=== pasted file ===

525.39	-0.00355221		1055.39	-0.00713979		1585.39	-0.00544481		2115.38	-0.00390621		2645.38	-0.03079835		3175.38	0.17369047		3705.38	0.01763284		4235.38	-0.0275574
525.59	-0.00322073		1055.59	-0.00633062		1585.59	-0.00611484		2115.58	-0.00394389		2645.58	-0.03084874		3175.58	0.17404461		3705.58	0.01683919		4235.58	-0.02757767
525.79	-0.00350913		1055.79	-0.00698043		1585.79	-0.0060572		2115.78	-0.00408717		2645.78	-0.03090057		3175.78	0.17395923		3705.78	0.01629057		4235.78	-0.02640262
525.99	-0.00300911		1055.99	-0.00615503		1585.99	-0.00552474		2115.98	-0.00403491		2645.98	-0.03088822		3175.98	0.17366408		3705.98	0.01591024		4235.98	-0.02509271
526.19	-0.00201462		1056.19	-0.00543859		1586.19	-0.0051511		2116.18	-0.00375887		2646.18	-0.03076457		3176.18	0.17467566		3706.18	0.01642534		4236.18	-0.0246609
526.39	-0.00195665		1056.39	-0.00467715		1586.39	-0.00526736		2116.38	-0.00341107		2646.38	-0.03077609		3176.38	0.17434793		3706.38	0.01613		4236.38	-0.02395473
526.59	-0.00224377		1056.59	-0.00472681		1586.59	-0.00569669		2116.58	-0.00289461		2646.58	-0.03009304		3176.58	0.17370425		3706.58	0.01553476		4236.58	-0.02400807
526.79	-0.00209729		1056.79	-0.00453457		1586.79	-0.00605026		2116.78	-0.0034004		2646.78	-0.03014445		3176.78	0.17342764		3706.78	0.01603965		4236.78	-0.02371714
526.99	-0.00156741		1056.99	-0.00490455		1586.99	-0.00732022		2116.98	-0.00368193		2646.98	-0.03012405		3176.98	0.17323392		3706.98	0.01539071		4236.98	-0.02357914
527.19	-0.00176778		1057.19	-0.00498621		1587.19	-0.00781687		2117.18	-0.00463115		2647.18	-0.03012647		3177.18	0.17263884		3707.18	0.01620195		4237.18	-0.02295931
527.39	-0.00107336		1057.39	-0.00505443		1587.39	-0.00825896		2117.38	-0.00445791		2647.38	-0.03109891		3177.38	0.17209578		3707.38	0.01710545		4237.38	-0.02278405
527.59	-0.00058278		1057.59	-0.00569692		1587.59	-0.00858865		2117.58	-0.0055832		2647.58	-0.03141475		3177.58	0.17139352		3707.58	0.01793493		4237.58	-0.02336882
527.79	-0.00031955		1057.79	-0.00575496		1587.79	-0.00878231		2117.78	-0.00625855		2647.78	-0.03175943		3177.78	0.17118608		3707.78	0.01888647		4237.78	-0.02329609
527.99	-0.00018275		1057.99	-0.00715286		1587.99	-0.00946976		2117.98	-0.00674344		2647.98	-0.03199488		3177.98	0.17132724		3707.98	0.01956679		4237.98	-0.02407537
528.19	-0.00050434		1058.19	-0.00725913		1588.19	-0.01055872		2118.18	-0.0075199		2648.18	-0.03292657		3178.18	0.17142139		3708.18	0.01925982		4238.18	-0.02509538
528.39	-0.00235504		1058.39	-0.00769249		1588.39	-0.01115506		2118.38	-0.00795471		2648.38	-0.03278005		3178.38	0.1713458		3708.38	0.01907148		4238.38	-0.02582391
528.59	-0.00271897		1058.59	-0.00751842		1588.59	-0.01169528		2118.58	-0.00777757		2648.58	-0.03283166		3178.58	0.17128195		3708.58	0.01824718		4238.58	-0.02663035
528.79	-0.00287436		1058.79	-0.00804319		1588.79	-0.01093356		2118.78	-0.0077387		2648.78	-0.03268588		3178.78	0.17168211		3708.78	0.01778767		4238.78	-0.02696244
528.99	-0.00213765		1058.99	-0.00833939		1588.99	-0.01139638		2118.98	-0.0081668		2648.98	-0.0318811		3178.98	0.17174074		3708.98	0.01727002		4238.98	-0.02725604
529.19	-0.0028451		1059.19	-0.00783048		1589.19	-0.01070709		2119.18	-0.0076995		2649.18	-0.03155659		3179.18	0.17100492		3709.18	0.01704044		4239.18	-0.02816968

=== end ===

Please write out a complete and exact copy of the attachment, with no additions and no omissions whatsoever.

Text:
525.39	-0.00355221		1055.39	-0.00713979		1585.39	-0.00544481		2115.38	-0.00390621		2645.38	-0.03079835		3175.38	0.17369047		3705.38	0.01763284		4235.38	-0.0275574
525.59	-0.00322073		1055.59	-0.00633062		1585.59	-0.00611484		2115.58	-0.00394389		2645.58	-0.03084874		3175.58	0.17404461		3705.58	0.01683919		4235.58	-0.02757767
525.79	-0.00350913		1055.79	-0.00698043		1585.79	-0.0060572		2115.78	-0.00408717		2645.78	-0.03090057		3175.78	0.17395923		3705.78	0.01629057		4235.78	-0.02640262
525.99	-0.00300911		1055.99	-0.00615503		1585.99	-0.00552474		2115.98	-0.00403491		2645.98	-0.03088822		3175.98	0.17366408		3705.98	0.01591024		4235.98	-0.02509271
526.19	-0.00201462		1056.19	-0.00543859		1586.19	-0.0051511		2116.18	-0.00375887		2646.18	-0.03076457		3176.18	0.17467566		3706.18	0.01642534		4236.18	-0.0246609
526.39	-0.00195665		1056.39	-0.00467715		1586.39	-0.00526736		2116.38	-0.00341107		2646.38	-0.03077609		3176.38	0.17434793		3706.38	0.01613		4236.38	-0.02395473
526.59	-0.00224377		1056.59	-0.00472681		1586.59	-0.00569669		2116.58	-0.00289461		2646.58	-0.03009304		3176.58	0.17370425		3706.58	0.01553476		4236.58	-0.02400807
526.79	-0.00209729		1056.79	-0.00453457		1586.79	-0.00605026		2116.78	-0.0034004		2646.78	-0.03014445		3176.78	0.17342764		3706.78	0.01603965		4236.78	-0.02371714
526.99	-0.00156741		1056.99	-0.00490455		1586.99	-0.00732022		2116.98	-0.00368193		2646.98	-0.03012405		3176.98	0.17323392		3706.98	0.01539071		4236.98	-0.02357914
527.19	-0.00176778		1057.19	-0.00498621		1587.19	-0.00781687		2117.18	-0.00463115		2647.18	-0.03012647		3177.18	0.17263884		3707.18	0.01620195		4237.18	-0.02295931
527.39	-0.00107336		1057.39	-0.00505443		1587.39	-0.00825896		2117.38	-0.00445791		2647.38	-0.03109891		3177.38	0.17209578		3707.38	0.01710545		4237.38	-0.02278405
527.59	-0.00058278		1057.59	-0.00569692		1587.59	-0.00858865		2117.58	-0.0055832		2647.58	-0.03141475		3177.58	0.17139352		3707.58	0.01793493		4237.58	-0.02336882
527.79	-0.00031955		1057.79	-0.00575496		1587.79	-0.00878231		2117.78	-0.00625855		2647.78	-0.03175943		3177.78	0.17118608		3707.78	0.01888647		4237.78	-0.02329609
527.99	-0.00018275		1057.99	-0.00715286		1587.99	-0.00946976		2117.98	-0.00674344		2647.98	-0.03199488		3177.98	0.17132724		3707.98	0.01956679		4237.98	-0.02407537
528.19	-0.00050434		1058.19	-0.00725913		1588.19	-0.01055872		2118.18	-0.0075199		2648.18	-0.03292657		3178.18	0.17142139		3708.18	0.01925982		4238.18	-0.02509538
528.39	-0.00235504		1058.39	-0.00769249		1588.39	-0.01115506		2118.38	-0.00795471		2648.38	-0.03278005		3178.38	0.1713458		3708.38	0.01907148		4238.38	-0.02582391
528.59	-0.00271897		1058.59	-0.00751842		1588.59	-0.01169528		2118.58	-0.00777757		2648.58	-0.03283166		3178.58	0.17128195		3708.58	0.01824718		4238.58	-0.02663035
528.79	-0.00287436		1058.79	-0.00804319		1588.79	-0.01093356		2118.78	-0.0077387		2648.78	-0.03268588		3178.78	0.17168211		3708.78	0.01778767		4238.78	-0.02696244
528.99	-0.00213765		1058.99	-0.00833939		1588.99	-0.01139638		2118.98	-0.0081668		2648.98	-0.0318811		3178.98	0.17174074		3708.98	0.01727002		4238.98	-0.02725604
529.19	-0.0028451		1059.19	-0.00783048		1589.19	-0.01070709		2119.18	-0.0076995		2649.18	-0.03155659		3179.18	0.17100492		3709.18	0.01704044		4239.18	-0.02816968